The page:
"These findings are yet another example of how, although we tend to think of advances in medicine as a new drug or laser, something high-tech and expensive, that these simple changes in lifestyle can make such a powerful difference, and now help to explain on a cellular level how we may be able to reverse aging," he said.
But he also cautioned that this was a pilot study and the findings "need to be replicated in large randomized trials."
Patricia Opresko, PhD, a telomere biologist at the University of Pittsburgh, told MedPage Today that it remained unclear "what telomere length means for an individual."
She noted that not everyone in the study who practiced the interventions showed increases in telomere length. "It's hard to say whether, in the individuals without telomere lengthening, the intervention did not work for them or would not be beneficial for them. We're really still at the point where telomere length measurements are better interpreted in the context of population-type studies," she said.
The patients in the intervention and control groups were participants in two separate studies of men with early-stage, low-risk prostate cancer who were choosing active surveillance as the management strategy. Selection criteria were the same in order to facilitate comparing outcomes. Tumors were no more advanced than stage T2a, with Gleason scores no greater than 6, and limits of 33% for biopsy core width and 50% of the length positive for adenocarcinoma.
The 10 members of the intervention group had volunteered to undergo the program of lifestyle changes. The weekly support sessions lasted 4 hours, included 1 hour each of physical and stress management exercises plus an additional hour of group discussion and a fourth hour with a dinner lecture from a health professional. Meetings were compulsory for the first 3 months, during which the investigators provided all food for meals, but participants were encouraged to meet on their own for two 4-hour self-directed sessions each month.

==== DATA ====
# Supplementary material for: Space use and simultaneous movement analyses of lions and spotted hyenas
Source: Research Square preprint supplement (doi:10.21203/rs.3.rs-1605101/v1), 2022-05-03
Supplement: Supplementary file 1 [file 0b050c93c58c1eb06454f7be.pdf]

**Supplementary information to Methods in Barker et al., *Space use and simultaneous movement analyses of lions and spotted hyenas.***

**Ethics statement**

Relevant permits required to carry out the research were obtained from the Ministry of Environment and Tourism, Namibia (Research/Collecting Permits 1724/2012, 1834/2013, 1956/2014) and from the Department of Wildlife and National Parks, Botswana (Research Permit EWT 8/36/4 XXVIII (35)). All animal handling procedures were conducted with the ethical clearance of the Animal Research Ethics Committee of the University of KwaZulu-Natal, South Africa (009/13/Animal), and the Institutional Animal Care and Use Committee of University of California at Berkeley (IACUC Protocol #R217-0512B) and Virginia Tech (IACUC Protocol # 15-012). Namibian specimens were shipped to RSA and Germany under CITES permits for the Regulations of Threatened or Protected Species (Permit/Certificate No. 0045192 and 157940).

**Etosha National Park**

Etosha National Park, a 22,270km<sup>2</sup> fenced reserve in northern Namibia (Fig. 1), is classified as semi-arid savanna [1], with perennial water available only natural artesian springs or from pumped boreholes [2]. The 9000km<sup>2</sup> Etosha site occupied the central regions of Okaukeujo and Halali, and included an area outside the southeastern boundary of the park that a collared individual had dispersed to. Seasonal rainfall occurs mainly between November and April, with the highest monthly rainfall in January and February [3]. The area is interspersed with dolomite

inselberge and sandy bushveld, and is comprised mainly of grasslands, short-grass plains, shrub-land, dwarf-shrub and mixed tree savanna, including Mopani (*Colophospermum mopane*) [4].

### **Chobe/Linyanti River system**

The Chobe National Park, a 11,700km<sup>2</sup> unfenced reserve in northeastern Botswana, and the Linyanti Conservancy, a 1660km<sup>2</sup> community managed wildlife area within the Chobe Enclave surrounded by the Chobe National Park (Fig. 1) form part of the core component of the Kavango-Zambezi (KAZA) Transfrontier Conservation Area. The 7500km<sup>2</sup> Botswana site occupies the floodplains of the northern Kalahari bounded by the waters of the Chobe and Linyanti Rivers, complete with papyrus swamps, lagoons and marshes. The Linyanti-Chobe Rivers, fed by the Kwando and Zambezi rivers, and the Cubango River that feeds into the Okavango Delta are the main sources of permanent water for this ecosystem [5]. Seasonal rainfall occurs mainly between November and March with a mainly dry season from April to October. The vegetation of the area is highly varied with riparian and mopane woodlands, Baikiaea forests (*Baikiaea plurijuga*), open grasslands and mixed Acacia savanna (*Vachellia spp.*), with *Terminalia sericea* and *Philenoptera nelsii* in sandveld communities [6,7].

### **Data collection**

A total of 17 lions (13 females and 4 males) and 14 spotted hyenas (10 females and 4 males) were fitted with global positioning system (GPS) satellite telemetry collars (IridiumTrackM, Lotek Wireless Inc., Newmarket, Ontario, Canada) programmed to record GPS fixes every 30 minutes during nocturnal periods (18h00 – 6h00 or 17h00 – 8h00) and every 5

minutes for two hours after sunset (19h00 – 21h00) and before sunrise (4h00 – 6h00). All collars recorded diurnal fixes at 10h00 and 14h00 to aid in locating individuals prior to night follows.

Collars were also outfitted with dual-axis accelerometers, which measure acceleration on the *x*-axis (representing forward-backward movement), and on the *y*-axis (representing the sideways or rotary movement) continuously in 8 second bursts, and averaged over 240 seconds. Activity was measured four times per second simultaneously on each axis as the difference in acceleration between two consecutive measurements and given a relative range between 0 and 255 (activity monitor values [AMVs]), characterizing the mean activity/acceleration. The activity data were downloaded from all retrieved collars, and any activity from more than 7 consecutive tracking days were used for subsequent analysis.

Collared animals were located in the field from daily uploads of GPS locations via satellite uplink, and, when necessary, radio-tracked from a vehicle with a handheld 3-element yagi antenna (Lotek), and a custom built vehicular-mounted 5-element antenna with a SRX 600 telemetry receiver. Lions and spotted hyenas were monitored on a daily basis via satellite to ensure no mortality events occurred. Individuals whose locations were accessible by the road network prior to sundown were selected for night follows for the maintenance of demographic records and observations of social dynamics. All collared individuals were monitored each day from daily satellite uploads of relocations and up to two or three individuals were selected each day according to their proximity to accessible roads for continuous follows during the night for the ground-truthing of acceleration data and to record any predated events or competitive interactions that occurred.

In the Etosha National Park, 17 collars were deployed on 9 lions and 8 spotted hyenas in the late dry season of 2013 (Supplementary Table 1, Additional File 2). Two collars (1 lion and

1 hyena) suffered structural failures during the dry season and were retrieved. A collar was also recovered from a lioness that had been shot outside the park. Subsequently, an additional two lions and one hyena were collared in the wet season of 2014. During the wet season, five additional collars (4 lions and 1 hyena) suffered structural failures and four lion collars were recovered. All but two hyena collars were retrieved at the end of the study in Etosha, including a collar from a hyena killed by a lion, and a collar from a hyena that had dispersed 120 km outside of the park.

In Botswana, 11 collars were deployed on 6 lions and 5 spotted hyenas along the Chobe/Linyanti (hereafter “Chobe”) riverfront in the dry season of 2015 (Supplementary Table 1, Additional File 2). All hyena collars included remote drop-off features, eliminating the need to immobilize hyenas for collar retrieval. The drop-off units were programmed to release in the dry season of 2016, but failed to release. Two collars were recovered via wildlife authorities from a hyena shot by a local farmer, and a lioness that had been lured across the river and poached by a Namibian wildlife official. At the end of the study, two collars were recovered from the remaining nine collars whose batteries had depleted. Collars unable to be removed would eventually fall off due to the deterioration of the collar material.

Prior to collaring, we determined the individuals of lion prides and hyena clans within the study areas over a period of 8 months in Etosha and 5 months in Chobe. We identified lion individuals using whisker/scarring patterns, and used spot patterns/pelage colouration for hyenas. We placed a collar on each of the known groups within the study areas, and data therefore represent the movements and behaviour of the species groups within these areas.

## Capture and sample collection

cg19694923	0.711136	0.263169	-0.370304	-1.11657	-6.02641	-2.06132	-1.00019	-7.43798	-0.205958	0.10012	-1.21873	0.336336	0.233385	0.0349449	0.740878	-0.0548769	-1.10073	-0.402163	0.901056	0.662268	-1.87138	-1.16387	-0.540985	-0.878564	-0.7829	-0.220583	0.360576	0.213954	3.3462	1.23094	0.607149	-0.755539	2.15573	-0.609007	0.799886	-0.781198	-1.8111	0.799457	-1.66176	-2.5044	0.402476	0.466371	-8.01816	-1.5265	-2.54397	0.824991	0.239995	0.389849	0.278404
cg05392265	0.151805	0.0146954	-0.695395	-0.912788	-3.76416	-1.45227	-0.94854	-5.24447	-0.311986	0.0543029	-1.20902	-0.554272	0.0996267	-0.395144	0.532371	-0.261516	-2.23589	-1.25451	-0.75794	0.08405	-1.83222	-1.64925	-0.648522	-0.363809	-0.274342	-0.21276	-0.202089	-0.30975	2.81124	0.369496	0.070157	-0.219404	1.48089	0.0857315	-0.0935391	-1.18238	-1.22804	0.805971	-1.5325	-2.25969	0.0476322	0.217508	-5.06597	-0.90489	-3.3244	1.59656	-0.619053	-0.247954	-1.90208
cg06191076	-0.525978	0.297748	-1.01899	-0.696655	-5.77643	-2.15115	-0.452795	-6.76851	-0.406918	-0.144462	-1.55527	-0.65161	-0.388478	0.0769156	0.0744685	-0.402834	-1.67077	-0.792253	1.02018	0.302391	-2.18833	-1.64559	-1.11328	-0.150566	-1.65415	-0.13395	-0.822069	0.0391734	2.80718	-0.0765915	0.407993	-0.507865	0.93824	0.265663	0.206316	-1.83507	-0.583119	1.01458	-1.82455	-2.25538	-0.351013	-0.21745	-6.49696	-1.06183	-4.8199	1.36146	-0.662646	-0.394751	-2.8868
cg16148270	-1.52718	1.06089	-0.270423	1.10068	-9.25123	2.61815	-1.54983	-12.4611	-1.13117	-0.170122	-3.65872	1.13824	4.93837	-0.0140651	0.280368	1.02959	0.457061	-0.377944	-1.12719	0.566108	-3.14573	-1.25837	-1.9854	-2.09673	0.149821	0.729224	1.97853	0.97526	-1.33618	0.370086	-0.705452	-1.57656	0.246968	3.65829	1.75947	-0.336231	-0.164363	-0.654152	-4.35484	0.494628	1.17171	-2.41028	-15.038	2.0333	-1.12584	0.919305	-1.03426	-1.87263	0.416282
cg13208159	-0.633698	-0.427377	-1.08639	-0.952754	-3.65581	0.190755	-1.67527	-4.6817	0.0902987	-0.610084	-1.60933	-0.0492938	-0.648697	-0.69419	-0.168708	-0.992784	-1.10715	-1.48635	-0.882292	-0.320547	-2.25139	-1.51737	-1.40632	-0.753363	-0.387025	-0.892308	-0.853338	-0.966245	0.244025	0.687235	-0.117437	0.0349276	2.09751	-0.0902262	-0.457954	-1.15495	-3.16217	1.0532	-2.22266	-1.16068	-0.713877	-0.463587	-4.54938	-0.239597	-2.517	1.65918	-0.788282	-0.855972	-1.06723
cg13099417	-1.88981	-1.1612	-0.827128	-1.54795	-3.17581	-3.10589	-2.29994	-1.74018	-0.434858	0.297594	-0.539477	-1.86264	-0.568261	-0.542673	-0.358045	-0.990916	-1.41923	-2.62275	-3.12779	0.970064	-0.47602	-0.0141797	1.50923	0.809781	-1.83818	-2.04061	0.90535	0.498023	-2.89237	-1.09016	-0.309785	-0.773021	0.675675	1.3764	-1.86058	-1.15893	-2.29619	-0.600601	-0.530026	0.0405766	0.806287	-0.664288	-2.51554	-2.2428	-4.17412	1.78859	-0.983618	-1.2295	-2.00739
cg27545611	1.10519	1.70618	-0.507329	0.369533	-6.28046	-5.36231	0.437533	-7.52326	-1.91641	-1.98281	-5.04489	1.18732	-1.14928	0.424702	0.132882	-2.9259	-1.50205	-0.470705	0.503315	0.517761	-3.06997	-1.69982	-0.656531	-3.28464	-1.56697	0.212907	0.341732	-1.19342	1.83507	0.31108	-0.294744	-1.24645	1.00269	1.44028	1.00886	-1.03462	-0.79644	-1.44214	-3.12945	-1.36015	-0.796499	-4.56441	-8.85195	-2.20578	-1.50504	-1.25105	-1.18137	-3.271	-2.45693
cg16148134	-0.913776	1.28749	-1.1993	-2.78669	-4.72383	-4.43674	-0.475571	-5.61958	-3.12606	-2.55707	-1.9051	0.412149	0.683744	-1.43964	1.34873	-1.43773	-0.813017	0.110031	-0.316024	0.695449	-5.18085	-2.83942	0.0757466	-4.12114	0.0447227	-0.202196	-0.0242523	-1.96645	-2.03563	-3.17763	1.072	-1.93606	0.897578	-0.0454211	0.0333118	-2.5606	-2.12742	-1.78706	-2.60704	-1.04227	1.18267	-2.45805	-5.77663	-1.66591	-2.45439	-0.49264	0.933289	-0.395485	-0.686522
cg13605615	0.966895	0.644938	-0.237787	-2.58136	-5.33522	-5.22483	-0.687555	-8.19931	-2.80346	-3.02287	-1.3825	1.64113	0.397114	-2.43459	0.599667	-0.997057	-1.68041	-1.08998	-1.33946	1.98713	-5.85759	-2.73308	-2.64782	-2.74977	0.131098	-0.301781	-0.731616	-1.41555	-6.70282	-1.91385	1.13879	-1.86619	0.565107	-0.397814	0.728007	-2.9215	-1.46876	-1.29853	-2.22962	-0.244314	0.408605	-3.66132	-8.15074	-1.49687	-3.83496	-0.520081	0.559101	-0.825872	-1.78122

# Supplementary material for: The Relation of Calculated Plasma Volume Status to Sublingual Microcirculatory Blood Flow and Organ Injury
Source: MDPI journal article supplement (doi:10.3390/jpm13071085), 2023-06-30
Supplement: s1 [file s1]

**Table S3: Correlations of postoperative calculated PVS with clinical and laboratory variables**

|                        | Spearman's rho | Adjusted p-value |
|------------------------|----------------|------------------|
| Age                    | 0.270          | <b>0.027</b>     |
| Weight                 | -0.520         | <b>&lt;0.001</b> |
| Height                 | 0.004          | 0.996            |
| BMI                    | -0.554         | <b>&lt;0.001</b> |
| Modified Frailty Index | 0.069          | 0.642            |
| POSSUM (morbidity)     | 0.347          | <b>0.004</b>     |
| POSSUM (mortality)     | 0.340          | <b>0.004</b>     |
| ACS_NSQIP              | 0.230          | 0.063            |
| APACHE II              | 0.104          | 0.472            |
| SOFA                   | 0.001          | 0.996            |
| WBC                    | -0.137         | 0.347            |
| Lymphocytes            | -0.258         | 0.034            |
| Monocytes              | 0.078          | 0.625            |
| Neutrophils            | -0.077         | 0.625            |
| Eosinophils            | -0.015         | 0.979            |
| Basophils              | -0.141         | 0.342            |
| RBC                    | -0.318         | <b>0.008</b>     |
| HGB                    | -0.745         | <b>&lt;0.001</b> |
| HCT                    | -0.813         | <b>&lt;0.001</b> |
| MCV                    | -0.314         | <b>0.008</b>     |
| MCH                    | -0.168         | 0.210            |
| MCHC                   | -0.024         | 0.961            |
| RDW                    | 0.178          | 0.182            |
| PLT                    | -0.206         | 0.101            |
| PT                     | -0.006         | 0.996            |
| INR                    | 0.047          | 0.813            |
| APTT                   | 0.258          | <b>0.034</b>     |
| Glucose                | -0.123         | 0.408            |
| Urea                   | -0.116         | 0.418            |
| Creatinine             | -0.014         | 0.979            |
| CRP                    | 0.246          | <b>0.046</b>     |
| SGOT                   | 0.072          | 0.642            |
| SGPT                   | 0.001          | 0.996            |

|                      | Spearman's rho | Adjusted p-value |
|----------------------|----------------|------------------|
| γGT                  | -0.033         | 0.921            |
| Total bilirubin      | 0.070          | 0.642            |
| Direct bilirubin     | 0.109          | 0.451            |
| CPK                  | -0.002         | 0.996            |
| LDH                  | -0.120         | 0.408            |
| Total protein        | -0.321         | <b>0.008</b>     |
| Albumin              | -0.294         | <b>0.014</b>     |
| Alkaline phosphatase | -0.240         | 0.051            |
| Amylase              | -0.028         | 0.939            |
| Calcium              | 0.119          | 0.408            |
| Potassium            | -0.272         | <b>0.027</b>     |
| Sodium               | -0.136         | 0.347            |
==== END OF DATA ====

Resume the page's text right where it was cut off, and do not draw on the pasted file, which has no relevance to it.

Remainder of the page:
Participants in the control group also had chosen active surveillance for cancer management as the sole treatment approach, although those patients received standard medical advice on diet and lifestyle according to their clinicians' judgment. All participants in both groups completed questionnaires at baseline and after 5 years about diet, exercise, stress reduction, and social support, from which the lifestyle adherence scores were calculated.
Mean baseline ages in the intervention and control groups were 62 and 63, respectively, and body mass index values averaged 25 kg/m2 and 27 kg/m2, respectively. Mean systolic blood pressure was 140 and 137 mm Hg, respectively.
Three patients in the intervention group and two in the control group eventually underwent more aggressive prostate cancer therapies including brachytherapy, hormonal treatments, or prostatectomy. Omitting those patients from the analysis did not alter the findings markedly, Ornish and colleagues indicated.
The study was funded by the U.S. Department of Defense, the National Cancer Institute, Furlotti Family Foundation, Bahna Foundation, DeJoria Foundation, Walton Family Foundation, Resnick Foundation, Greenbaum Foundation, Natwin Foundation, Safeway Foundation, and Prostate Cancer Foundation.
Three study authors reported co-founding a company, Telomere Health Inc., to develop telomere length diagnostics. Ornish and another author reported working with Healthways to educate and support people in improving health behaviors.
Primary source: Lancet Oncology
Source reference: Ornish D, et al "Effect of comprehensive lifestyle changes on telomerase activity and telomere length in men with biopsy-proven low-risk prostate cancer: 5-year follow-up of a descriptive pilot study" Lancet Oncol 2013; DOI: 10.1016/S1470-2045(13)70366-8.